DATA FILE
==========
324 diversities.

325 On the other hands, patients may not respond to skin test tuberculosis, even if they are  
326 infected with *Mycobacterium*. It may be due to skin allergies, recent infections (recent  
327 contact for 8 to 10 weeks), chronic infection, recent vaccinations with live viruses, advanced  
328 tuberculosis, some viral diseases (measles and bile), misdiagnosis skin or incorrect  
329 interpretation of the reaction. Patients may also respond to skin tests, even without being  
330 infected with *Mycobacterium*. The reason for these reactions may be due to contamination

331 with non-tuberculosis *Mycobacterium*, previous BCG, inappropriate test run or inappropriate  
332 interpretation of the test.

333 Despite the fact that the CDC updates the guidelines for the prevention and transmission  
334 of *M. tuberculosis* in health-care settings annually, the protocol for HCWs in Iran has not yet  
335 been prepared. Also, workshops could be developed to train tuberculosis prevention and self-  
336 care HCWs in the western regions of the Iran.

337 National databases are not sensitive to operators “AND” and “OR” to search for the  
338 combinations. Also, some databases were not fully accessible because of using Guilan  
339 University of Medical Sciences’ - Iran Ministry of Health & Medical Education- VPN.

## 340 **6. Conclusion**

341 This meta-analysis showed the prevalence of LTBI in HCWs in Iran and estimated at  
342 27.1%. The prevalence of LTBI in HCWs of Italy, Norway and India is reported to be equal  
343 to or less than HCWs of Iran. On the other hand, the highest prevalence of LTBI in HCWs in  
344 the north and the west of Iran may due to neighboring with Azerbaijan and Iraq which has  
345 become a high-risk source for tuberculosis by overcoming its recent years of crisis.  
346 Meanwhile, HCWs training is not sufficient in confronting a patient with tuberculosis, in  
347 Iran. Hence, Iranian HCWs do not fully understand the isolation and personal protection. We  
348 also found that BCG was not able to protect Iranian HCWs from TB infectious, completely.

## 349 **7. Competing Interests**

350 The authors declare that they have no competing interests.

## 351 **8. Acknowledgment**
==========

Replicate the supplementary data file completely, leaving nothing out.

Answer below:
324 diversities.

325 On the other hands, patients may not respond to skin test tuberculosis, even if they are  
326 infected with *Mycobacterium*. It may be due to skin allergies, recent infections (recent  
327 contact for 8 to 10 weeks), chronic infection, recent vaccinations with live viruses, advanced  
328 tuberculosis, some viral diseases (measles and bile), misdiagnosis skin or incorrect  
329 interpretation of the reaction. Patients may also respond to skin tests, even without being  
330 infected with *Mycobacterium*. The reason for these reactions may be due to contamination

331 with non-tuberculosis *Mycobacterium*, previous BCG, inappropriate test run or inappropriate  
332 interpretation of the test.

333 Despite the fact that the CDC updates the guidelines for the prevention and transmission  
334 of *M. tuberculosis* in health-care settings annually, the protocol for HCWs in Iran has not yet  
335 been prepared. Also, workshops could be developed to train tuberculosis prevention and self-  
336 care HCWs in the western regions of the Iran.

337 National databases are not sensitive to operators “AND” and “OR” to search for the  
338 combinations. Also, some databases were not fully accessible because of using Guilan  
339 University of Medical Sciences’ - Iran Ministry of Health & Medical Education- VPN.

## 340 **6. Conclusion**

341 This meta-analysis showed the prevalence of LTBI in HCWs in Iran and estimated at  
342 27.1%. The prevalence of LTBI in HCWs of Italy, Norway and India is reported to be equal  
343 to or less than HCWs of Iran. On the other hand, the highest prevalence of LTBI in HCWs in  
344 the north and the west of Iran may due to neighboring with Azerbaijan and Iraq which has  
345 become a high-risk source for tuberculosis by overcoming its recent years of crisis.  
346 Meanwhile, HCWs training is not sufficient in confronting a patient with tuberculosis, in  
347 Iran. Hence, Iranian HCWs do not fully understand the isolation and personal protection. We  
348 also found that BCG was not able to protect Iranian HCWs from TB infectious, completely.

## 349 **7. Competing Interests**

350 The authors declare that they have no competing interests.

## 351 **8. Acknowledgment**